Who Can I Be Now?

This month saw the release of David Bowie’s Who Can I Be Now? box set. This collection brings together three studio albums, two live albums, a compilation of b-sides, and the unfinished, unreleased album, The Gouster, all recorded between 1974 – 1976.

This ‘American era’ has always been my favourite Bowie period, a period which saw him descend into deep darkness, produce some truly sublime albums, before reemerging having rediscovered himself. All in the space of two years.

Personas and characters helped Bowie launch his career in the early seventies, but having found fame, during the mid-seventies, he would find himself almost losing his mind within them. During these years, Bowie would find himself in a very bad place as his cocaine addiction spiralled and the pressures of fame started to weigh heavily. But somehow he managed to get through them and here is a brief history of how he got there and how he got out.

Ch-Ch-Changes

Rewind back to 1969 for a second. A long, curly haired young man in flares is singing about some guy called Major Tom getting lost and lonely in space. And he would enjoy some success with the record, but it wasn’t until a couple of albums later that David Robert Jones (aka David Bowie) realised he could inhabit another persona; that with the aid of invented characters, he could literally become somebody else and fully unleash his creative expression.

Now fast forward a couple of years to 1972 and we see a red-haired, brow-less, booted, and jump-suited figure called Ziggy Stardust standing in front of us. This was a pretty bold move back then, nobody dressed like that. But it worked. And soon this Starman from Mars would save us all with rock ‘n’ roll. Bowie lived the part so much that, when he announced that the band was breaking up at Hammersmith Odeon in 1973, the audience was devastated at this act of Rock ‘n’ Roll Suicide. But of course this was Ziggy talking not Bowie.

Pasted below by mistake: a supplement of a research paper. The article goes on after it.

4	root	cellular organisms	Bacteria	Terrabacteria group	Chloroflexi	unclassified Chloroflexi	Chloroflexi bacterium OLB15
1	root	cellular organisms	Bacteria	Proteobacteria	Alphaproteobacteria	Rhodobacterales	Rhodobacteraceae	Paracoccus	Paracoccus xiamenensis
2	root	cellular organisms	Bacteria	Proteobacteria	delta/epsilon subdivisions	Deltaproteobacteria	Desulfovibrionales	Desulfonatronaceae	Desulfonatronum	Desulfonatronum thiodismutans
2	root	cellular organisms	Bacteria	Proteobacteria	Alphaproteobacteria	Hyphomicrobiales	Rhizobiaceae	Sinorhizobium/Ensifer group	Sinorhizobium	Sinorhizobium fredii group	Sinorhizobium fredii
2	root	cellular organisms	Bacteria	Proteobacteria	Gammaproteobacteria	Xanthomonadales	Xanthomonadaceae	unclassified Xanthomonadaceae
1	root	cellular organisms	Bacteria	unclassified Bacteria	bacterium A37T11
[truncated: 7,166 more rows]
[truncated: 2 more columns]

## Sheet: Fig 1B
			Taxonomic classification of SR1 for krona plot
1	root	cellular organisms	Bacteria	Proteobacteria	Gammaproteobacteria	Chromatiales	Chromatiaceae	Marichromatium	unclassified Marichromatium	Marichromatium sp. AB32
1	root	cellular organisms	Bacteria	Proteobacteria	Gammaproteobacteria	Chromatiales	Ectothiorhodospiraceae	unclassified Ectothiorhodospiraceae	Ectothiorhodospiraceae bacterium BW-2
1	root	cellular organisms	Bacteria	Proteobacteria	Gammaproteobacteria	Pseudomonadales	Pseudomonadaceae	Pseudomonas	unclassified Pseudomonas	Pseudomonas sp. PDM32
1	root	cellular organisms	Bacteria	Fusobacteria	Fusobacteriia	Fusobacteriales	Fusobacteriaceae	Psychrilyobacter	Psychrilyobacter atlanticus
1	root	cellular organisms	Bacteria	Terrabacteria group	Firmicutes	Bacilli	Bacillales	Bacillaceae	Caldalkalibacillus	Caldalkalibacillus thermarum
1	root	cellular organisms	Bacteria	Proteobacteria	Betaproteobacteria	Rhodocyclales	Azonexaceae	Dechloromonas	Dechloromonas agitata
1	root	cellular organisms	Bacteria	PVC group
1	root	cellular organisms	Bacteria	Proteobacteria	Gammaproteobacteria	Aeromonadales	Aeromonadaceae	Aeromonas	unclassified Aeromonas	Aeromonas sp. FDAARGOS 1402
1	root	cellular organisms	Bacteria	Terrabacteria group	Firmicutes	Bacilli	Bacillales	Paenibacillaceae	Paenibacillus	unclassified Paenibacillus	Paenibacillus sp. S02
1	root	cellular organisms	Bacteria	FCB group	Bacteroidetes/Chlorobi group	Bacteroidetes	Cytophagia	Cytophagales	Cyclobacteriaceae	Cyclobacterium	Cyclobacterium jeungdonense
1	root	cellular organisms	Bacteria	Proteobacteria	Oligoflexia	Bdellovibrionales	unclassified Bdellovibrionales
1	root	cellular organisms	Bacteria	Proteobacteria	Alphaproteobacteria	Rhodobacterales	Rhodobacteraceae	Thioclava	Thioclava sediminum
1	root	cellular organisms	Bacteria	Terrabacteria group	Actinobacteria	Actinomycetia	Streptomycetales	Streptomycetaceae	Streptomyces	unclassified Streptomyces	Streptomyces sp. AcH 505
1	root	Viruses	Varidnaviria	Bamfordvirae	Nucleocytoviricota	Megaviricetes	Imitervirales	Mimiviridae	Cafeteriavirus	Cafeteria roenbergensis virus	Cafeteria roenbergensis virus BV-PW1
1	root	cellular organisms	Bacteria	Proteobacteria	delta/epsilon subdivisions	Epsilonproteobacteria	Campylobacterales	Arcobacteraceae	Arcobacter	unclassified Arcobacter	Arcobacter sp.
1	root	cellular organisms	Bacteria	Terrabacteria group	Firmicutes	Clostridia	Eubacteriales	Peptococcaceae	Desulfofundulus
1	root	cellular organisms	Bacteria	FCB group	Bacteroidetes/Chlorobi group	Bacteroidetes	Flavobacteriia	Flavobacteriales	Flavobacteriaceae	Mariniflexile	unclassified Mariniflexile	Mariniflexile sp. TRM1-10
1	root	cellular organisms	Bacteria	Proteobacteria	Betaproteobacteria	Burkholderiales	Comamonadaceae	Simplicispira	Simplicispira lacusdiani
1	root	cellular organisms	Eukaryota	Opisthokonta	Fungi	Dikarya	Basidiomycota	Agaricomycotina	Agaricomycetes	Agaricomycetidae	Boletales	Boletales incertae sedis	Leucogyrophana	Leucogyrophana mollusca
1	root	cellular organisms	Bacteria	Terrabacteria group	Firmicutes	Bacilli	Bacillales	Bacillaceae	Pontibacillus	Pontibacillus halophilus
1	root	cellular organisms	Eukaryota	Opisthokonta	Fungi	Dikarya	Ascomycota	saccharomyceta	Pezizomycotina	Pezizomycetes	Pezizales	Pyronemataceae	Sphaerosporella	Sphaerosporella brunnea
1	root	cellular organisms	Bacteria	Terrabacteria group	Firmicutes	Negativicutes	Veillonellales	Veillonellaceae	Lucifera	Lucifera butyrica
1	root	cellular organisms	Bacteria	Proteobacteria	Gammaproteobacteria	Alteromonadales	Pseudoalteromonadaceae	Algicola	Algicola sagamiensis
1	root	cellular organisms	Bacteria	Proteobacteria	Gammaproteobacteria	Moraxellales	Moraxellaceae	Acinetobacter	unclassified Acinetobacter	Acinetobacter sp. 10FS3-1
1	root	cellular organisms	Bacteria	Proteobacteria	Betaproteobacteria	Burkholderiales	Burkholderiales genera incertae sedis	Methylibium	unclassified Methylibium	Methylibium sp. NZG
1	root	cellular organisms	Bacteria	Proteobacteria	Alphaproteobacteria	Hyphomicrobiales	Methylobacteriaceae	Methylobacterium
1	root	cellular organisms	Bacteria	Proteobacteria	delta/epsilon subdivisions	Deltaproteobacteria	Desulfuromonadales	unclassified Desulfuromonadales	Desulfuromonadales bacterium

For the next album he created another, although less defined, character called Aladdin Sane. Bowie’s half brother, Terry, struggled with mental illness his whole life (a subject that preoccupied Bowie throughout his career). Aladdin Sane is a play on words of ‘A Lad Insane’ and the lightning bolt possibly signified a fractured personality (a motif that would perhaps soon prove prophetic). With this album Bowie abandoned the space-age glam rock of its predecessor and looked West across the Atlantic towards the more bluesy sound of The Stones.

The Jean Genie (1972)

 

Hang on to Yourself

Although recorded in London, Diamond Dogs, marks the beginning of what would be seen as Bowie’s ‘American Period’. This album was originally conceived, via the use of Burroughs-esque cut-up techniques and probably quite a lot of cocaine, as a rock-opera adaption of Orwell’s 1984. In the heart of its dystopian Hunger City (where ‘fleas the size of rats sucked on rats the size of cats’), Bowie became Halloween Jack (who looked a bit like Ziggy with an eye-patch). This is an amazing album, consistent, inventive, full of images of terrifying persecution and seductive yearning all set in some horrible, futuristic metropolis. Even after 42 years, Diamond Dogs still excites and unnerves.

By this time Bowie’s cocaine usage increased in order to keep up with his prolific mind. Anybody who saw the nervous, gaunt looking Bowie in Alan Yentob’s Cracked Actor documentary in 1974 could see that something was not right. This alien who had fallen to earth would soon fall further.